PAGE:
Today was the sort of day I hoped for when I applied to rabbinical school.
I rolled out of bed at 6, and by 7 was rolling out of the garage, on my way to pick up a friend I drive on Tuesdays and Thursdays. We chatted happily, arrived at HUC, and I spent the entire morning studying Ezra 9 and 10 with Dr. Tamara Eskenazi, the hot-button chapters on intermarriage. We "turned it and turned it" and while I am not yet willing to say I know what those chapters say, I do feel safe in saying that the ways I have understood them in the past are quite wrong.
I wished Pearl good luck with her senior sermon and hopped back into the car, driving north to the San Fernando Valley to my internship. On the way, I stopped for a bite of lunch and quickly scanned the Los Angeles Times. (One thing I love about Los Angeles: not since I lived in Chicago have I lived in a city with a truly great newspaper. Even with the recent cuts, the Times is bliss for this confirmed newspaper junkie.)
The Home was all abuzz with preparations for the dedication of a new building, and the residents I serve were a bit buzzy by association. It was a good day for the student rabbi to come and hold hands, and listen to stories, and sing a prayer or two. I stopped for a bit to chat with the activities director, to share concerns about a couple of residents and to see how she is doing.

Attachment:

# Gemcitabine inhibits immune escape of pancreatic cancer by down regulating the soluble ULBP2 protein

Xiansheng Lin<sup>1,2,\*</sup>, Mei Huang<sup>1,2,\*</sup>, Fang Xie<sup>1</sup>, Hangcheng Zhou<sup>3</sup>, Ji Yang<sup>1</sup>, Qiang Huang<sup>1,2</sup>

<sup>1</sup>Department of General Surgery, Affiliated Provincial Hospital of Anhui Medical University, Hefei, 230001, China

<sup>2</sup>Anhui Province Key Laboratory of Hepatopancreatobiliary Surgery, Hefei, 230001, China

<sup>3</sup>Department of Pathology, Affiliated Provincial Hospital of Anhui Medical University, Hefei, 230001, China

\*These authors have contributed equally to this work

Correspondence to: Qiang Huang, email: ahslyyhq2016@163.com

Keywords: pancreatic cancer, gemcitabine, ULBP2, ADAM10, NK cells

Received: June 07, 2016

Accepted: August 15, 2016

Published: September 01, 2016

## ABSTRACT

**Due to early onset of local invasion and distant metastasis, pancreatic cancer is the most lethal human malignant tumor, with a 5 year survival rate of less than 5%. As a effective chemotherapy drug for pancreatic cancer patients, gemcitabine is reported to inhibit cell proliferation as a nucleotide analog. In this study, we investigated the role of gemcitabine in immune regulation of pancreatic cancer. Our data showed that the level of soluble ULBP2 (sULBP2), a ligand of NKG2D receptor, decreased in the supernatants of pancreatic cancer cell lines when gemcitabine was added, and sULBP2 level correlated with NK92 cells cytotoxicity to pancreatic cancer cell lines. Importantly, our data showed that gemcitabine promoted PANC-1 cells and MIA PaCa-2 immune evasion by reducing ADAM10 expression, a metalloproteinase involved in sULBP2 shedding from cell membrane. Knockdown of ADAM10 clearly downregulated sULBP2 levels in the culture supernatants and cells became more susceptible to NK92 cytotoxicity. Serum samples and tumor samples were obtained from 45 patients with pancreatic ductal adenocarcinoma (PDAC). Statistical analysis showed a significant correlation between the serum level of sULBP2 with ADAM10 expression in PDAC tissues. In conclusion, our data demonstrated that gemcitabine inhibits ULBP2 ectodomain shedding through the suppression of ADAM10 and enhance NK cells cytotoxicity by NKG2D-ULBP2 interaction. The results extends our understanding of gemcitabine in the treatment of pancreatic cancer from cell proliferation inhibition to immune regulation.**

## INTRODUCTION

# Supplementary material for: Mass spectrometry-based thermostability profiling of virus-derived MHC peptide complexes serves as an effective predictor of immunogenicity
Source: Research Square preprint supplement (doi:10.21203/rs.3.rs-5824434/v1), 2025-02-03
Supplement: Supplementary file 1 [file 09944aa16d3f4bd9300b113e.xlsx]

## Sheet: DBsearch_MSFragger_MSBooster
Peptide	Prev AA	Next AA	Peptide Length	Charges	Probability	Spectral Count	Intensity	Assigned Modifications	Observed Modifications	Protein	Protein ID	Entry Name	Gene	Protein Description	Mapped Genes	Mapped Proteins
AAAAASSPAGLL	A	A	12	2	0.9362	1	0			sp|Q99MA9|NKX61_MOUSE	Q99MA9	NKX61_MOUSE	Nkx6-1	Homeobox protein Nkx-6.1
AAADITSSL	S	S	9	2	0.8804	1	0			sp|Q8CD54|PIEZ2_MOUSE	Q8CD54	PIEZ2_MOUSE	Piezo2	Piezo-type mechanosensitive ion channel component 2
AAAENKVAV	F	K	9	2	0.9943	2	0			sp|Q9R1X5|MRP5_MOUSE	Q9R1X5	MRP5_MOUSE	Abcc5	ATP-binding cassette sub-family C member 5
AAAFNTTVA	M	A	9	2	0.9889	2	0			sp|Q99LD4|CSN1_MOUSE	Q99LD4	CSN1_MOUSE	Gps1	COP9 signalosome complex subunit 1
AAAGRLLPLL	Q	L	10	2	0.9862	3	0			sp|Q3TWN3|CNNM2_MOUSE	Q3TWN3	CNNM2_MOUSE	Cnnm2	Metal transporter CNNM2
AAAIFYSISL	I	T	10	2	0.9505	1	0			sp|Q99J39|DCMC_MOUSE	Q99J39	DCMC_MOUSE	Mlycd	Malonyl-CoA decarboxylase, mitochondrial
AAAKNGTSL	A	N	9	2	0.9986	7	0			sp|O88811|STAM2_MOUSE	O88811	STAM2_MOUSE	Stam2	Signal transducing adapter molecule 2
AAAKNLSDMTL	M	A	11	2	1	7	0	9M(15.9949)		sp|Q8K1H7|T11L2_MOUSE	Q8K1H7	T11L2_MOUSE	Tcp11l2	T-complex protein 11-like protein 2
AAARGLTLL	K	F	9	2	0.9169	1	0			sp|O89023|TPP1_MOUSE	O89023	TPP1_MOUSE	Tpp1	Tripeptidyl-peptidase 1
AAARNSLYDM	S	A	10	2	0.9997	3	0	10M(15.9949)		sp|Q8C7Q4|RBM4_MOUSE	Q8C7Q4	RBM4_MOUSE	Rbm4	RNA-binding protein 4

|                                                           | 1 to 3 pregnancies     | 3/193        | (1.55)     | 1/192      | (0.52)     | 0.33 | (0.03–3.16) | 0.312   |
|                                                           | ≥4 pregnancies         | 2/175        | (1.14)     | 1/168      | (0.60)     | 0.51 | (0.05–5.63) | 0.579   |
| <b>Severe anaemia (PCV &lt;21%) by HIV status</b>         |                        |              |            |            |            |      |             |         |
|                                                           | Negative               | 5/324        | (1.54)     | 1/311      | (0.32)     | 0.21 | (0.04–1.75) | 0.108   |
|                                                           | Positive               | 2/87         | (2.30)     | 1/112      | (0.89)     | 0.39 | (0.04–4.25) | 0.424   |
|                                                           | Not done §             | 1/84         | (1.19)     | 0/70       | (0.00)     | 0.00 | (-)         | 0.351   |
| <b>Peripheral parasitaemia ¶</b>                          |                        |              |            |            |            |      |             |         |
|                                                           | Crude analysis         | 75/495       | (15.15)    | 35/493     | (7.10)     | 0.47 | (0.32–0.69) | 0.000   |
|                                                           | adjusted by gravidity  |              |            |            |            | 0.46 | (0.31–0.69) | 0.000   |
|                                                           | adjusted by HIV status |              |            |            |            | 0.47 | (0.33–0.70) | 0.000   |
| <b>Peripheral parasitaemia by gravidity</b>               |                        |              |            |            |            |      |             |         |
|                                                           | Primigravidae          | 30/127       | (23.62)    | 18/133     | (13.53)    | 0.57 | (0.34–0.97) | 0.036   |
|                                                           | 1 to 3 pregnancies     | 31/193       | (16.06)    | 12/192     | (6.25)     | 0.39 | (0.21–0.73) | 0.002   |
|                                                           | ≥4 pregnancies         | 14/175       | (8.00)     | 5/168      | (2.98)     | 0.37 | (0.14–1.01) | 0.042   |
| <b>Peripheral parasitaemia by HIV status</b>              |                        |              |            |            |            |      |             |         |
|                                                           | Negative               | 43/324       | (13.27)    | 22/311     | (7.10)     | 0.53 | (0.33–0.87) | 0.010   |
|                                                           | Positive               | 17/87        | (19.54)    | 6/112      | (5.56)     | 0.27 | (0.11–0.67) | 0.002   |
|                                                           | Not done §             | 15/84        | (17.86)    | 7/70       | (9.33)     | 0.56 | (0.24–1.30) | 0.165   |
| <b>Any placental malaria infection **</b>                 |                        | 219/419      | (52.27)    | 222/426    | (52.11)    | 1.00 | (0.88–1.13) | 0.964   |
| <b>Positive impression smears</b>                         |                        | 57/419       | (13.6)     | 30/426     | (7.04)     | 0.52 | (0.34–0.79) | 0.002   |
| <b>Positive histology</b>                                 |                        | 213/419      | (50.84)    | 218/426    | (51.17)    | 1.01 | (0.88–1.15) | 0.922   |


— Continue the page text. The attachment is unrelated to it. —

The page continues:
Then, when my hours there were done, I hopped back into the car, and (the one blot on the day) I joined the crawl of traffic back down Hwy 405 southward. Normally I stay in the Valley and study until the traffic breaks up a bit, but today I had a shiur [lesson] at my Ethics teacher's home, so there was nothing to do but get in the car and try to arrive on time.
It was well worth the annoyance of the drive: Professor Arthur Gross-Schaeffer is a rabbi, an attorney, and a CPA as well as a distinguished ethicist. He outlined for us his methodology for dealing with ethical questions, an elegant system. Beyond the content, though, it was a pleasure to be in the room with a man of erudition, holiness, and humor. I sincerely hope this isn't the last time I study with him.
And now here I am, pecking away at my laptop in the Starbuck's on Venice Blvd (it stays open late, and it's on the way home) since I don't have a high speed connection at home. I'm very, very tired, but equally happy. I learned a lot today.